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Caja at OWASP, Sweden

Last week, I attended OWASP AppSec Research 2010 in Stockholm, Sweden.  The conference was well attended with a mix of people from industry and from academia.  There were an especially interesting set of presentations.

Mike Samuel and I spoke about virtualization as an essential security tool exemplified by our project, Caja, which replaces the same-origin policy in browsers.  The same origin policy is the existing security policy baked into browsers.  The authority that code on a page has is decided completely by the domain of the page.  This has somewhat worked traditionally when all of the code and data on a webpage is generated and vetted by the same person or organization.  The limits of this security policy become apparent, however, in social networks and on other websites which include code authored by third parties.  The browser exposes all sorts of authority ambiently to all code executing on a page irrespective of how the code came to execute. Users rightly hold the website (as identified by the url they entered in the browsers address bar) responsible for their data, however, the browser gives no ability to the site to limit what third party code on the page is able to do.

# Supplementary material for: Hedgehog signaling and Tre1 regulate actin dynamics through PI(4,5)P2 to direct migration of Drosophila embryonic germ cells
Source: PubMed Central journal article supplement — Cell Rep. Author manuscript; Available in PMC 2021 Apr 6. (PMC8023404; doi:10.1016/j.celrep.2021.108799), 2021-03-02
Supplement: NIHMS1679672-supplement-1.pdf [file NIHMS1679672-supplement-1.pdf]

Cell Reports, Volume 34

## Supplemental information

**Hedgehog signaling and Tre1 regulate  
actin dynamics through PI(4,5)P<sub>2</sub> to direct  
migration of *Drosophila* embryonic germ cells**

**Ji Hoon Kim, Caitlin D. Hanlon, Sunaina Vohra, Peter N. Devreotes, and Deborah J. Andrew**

For social networks, there is a further problem in that the security policy needed changes over time as the social network experiments and matures, the value of its data grows and new attacks emerge.  Unfortunately by the time a social networking site has figured out its niche and identified its real threats, the site has acquired a large body of legacy code which must continue to run to avoid annoying its users.  The threat model is sufficiently unpredictable that no amount of upfront security design is sufficient  for the lifetime of the site.

Virtualization gives sites which anticipate this problem the ability to flexibly respond to changing threats by maintaining the security policy in code the site controls.  Simply by requiring third party code to only interact via exposed APIs, a social network can modify the authority any particular third party code has simply by changing the implementation of the API.  This gives it a place to stand to attenuate the authority the third party code gets without changing the API it responds to.

Virtualization is a general tool which is applicable wherever the mutually untrusting code must execute in the face of changing security policy.  For browsers, Caja provides such a virtualization layer for JavaScript, HTML, CSS and the DOM.  The browser is a complicated beast and not every layer is completely supported — third party code can only use those APIs which have been virtualized.  That said, as of today this includes almost all of HTML 4.01, CSS 2.1 and JavaScript and a large number of the commonly used DOM functions with more being added as they are requested and their security properties understood.

Try it out